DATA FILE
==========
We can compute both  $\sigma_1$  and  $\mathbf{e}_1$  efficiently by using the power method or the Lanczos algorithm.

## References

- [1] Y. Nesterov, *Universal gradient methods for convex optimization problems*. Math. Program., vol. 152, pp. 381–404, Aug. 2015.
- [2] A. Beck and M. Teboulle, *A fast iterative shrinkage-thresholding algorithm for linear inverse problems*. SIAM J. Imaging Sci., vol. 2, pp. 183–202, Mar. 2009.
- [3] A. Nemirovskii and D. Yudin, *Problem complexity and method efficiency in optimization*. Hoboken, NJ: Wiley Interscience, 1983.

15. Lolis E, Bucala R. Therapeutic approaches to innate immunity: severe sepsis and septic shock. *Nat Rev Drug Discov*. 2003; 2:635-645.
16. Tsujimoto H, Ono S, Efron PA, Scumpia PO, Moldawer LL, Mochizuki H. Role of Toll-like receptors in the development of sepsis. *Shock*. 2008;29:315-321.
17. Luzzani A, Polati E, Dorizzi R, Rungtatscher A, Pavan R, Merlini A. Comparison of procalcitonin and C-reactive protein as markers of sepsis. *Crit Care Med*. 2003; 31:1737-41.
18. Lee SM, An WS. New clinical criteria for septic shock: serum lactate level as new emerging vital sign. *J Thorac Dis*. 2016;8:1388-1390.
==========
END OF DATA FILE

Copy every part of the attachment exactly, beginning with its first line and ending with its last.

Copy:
We can compute both  $\sigma_1$  and  $\mathbf{e}_1$  efficiently by using the power method or the Lanczos algorithm.

## References

- [1] Y. Nesterov, *Universal gradient methods for convex optimization problems*. Math. Program., vol. 152, pp. 381–404, Aug. 2015.
- [2] A. Beck and M. Teboulle, *A fast iterative shrinkage-thresholding algorithm for linear inverse problems*. SIAM J. Imaging Sci., vol. 2, pp. 183–202, Mar. 2009.
- [3] A. Nemirovskii and D. Yudin, *Problem complexity and method efficiency in optimization*. Hoboken, NJ: Wiley Interscience, 1983.

15. Lolis E, Bucala R. Therapeutic approaches to innate immunity: severe sepsis and septic shock. *Nat Rev Drug Discov*. 2003; 2:635-645.
16. Tsujimoto H, Ono S, Efron PA, Scumpia PO, Moldawer LL, Mochizuki H. Role of Toll-like receptors in the development of sepsis. *Shock*. 2008;29:315-321.
17. Luzzani A, Polati E, Dorizzi R, Rungtatscher A, Pavan R, Merlini A. Comparison of procalcitonin and C-reactive protein as markers of sepsis. *Crit Care Med*. 2003; 31:1737-41.
18. Lee SM, An WS. New clinical criteria for septic shock: serum lactate level as new emerging vital sign. *J Thorac Dis*. 2016;8:1388-1390.